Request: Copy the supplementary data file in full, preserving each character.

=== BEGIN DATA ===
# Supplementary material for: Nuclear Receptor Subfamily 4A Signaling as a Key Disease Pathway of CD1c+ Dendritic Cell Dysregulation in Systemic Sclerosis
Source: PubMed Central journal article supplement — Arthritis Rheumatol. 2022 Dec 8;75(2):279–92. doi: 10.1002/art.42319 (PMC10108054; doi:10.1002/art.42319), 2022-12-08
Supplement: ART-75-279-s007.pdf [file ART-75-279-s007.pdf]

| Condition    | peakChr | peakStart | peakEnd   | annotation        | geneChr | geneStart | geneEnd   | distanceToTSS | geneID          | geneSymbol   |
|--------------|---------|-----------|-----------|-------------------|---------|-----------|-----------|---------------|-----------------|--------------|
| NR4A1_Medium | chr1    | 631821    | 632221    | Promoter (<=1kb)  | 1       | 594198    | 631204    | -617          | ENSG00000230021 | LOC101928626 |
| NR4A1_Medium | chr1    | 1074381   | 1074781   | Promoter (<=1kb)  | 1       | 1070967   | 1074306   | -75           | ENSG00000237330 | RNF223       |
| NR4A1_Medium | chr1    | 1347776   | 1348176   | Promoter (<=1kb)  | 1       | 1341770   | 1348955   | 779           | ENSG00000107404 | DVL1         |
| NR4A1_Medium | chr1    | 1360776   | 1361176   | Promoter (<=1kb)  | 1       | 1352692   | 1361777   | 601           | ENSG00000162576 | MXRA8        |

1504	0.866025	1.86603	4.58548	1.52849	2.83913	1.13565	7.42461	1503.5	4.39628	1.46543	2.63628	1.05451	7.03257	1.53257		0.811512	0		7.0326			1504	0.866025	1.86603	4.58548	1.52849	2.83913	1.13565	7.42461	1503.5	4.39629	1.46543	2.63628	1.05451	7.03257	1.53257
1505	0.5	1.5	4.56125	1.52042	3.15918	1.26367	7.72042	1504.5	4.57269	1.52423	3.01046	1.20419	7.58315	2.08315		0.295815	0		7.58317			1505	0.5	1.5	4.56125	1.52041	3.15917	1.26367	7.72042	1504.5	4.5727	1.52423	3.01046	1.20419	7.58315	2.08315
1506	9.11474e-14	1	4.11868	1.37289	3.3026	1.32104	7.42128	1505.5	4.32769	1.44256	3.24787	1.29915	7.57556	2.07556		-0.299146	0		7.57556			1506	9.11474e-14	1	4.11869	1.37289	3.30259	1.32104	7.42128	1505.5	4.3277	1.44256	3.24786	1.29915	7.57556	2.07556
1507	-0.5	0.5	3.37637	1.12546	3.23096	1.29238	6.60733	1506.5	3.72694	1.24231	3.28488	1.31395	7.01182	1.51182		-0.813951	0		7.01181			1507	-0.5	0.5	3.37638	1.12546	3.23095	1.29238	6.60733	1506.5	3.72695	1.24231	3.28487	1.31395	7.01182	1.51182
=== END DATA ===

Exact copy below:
# Supplementary material for: Nuclear Receptor Subfamily 4A Signaling as a Key Disease Pathway of CD1c+ Dendritic Cell Dysregulation in Systemic Sclerosis
Source: PubMed Central journal article supplement — Arthritis Rheumatol. 2022 Dec 8;75(2):279–92. doi: 10.1002/art.42319 (PMC10108054; doi:10.1002/art.42319), 2022-12-08
Supplement: ART-75-279-s007.pdf [file ART-75-279-s007.pdf]

| Condition    | peakChr | peakStart | peakEnd   | annotation        | geneChr | geneStart | geneEnd   | distanceToTSS | geneID          | geneSymbol   |
|--------------|---------|-----------|-----------|-------------------|---------|-----------|-----------|---------------|-----------------|--------------|
| NR4A1_Medium | chr1    | 631821    | 632221    | Promoter (<=1kb)  | 1       | 594198    | 631204    | -617          | ENSG00000230021 | LOC101928626 |
| NR4A1_Medium | chr1    | 1074381   | 1074781   | Promoter (<=1kb)  | 1       | 1070967   | 1074306   | -75           | ENSG00000237330 | RNF223       |
| NR4A1_Medium | chr1    | 1347776   | 1348176   | Promoter (<=1kb)  | 1       | 1341770   | 1348955   | 779           | ENSG00000107404 | DVL1         |
| NR4A1_Medium | chr1    | 1360776   | 1361176   | Promoter (<=1kb)  | 1       | 1352692   | 1361777   | 601           | ENSG00000162576 | MXRA8        |

1504	0.866025	1.86603	4.58548	1.52849	2.83913	1.13565	7.42461	1503.5	4.39628	1.46543	2.63628	1.05451	7.03257	1.53257		0.811512	0		7.0326			1504	0.866025	1.86603	4.58548	1.52849	2.83913	1.13565	7.42461	1503.5	4.39629	1.46543	2.63628	1.05451	7.03257	1.53257
1505	0.5	1.5	4.56125	1.52042	3.15918	1.26367	7.72042	1504.5	4.57269	1.52423	3.01046	1.20419	7.58315	2.08315		0.295815	0		7.58317			1505	0.5	1.5	4.56125	1.52041	3.15917	1.26367	7.72042	1504.5	4.5727	1.52423	3.01046	1.20419	7.58315	2.08315
1506	9.11474e-14	1	4.11868	1.37289	3.3026	1.32104	7.42128	1505.5	4.32769	1.44256	3.24787	1.29915	7.57556	2.07556		-0.299146	0		7.57556			1506	9.11474e-14	1	4.11869	1.37289	3.30259	1.32104	7.42128	1505.5	4.3277	1.44256	3.24786	1.29915	7.57556	2.07556
1507	-0.5	0.5	3.37637	1.12546	3.23096	1.29238	6.60733	1506.5	3.72694	1.24231	3.28488	1.31395	7.01182	1.51182		-0.813951	0		7.01181			1507	-0.5	0.5	3.37638	1.12546	3.23095	1.29238	6.60733	1506.5	3.72695	1.24231	3.28487	1.31395	7.01182	1.51182